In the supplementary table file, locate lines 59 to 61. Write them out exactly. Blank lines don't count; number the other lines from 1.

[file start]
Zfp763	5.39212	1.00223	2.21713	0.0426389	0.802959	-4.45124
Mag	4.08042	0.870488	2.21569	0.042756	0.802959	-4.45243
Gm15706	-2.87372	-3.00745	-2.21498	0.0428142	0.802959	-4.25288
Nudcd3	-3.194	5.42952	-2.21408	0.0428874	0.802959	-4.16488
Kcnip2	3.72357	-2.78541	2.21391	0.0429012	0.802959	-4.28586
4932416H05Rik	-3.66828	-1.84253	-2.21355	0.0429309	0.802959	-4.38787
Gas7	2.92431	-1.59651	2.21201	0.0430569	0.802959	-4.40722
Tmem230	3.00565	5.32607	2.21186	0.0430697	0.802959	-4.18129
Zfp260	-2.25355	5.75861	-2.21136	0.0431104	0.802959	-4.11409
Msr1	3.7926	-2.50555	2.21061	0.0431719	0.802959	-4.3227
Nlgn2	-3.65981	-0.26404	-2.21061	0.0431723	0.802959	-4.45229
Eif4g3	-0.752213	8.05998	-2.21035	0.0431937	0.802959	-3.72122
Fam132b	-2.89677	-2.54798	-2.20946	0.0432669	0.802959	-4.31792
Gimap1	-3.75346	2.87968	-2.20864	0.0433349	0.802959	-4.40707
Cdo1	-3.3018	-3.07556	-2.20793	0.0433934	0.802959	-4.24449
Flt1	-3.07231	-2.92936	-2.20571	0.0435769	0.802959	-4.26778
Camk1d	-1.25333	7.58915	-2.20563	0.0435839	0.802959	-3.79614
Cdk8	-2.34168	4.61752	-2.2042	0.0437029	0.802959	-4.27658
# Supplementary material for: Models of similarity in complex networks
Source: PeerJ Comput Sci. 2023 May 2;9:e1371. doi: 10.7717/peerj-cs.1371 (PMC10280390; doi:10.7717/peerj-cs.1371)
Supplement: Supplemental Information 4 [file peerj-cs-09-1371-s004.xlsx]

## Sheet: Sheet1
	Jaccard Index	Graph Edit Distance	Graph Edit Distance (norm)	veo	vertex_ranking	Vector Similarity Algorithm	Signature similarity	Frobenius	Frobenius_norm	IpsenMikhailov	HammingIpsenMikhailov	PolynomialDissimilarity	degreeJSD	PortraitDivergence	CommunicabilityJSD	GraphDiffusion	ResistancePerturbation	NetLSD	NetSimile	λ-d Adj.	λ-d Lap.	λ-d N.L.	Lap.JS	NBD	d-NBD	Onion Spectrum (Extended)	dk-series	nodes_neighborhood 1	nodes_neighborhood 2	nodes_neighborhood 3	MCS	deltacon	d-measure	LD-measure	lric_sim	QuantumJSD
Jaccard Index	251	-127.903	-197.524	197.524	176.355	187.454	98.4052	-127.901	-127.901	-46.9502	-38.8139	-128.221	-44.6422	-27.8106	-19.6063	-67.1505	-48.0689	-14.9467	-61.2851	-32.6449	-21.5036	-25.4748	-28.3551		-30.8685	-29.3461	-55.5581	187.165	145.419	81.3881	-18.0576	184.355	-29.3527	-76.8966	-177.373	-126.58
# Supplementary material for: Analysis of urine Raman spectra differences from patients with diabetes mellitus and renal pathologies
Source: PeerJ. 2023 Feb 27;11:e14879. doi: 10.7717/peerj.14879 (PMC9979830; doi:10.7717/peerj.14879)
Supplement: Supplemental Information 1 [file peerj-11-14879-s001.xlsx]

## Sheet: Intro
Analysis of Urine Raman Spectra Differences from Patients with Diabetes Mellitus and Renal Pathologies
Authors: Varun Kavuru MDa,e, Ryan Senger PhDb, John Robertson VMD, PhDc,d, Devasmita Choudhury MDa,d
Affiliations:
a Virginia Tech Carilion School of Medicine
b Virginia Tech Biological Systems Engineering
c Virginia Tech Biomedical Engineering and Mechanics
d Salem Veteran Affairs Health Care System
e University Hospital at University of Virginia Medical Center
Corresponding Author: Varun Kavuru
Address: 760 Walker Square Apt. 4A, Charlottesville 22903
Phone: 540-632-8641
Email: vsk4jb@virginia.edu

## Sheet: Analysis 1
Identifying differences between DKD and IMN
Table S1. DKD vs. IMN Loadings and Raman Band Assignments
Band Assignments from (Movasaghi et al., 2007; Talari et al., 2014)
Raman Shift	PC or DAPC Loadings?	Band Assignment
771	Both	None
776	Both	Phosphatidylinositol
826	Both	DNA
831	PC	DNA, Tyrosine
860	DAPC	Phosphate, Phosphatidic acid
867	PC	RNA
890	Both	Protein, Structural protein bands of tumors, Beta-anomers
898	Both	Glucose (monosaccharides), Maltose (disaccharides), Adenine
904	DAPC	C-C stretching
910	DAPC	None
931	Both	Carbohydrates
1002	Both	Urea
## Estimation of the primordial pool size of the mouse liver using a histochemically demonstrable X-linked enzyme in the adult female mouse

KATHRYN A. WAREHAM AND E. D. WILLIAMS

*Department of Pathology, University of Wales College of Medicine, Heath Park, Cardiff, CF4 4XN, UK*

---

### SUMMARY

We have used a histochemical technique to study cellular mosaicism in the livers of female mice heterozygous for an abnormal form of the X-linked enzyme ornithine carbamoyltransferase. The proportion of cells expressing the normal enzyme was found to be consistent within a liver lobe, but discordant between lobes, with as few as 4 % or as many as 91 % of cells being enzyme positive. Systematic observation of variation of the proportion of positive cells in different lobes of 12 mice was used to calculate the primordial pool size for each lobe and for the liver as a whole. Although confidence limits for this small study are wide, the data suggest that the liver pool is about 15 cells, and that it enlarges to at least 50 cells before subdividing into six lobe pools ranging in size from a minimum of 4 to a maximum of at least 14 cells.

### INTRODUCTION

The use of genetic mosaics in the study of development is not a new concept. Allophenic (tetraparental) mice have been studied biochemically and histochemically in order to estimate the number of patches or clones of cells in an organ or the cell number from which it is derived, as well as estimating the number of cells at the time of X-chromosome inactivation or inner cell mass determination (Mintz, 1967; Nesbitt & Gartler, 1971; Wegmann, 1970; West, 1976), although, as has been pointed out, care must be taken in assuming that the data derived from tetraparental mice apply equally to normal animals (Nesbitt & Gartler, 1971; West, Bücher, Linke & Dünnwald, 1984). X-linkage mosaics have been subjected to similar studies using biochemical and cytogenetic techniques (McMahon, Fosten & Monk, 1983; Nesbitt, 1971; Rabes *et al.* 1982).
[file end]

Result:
KATHRYN A. WAREHAM AND E. D. WILLIAMS

*Department of Pathology, University of Wales College of Medicine, Heath Park, Cardiff, CF4 4XN, UK*

---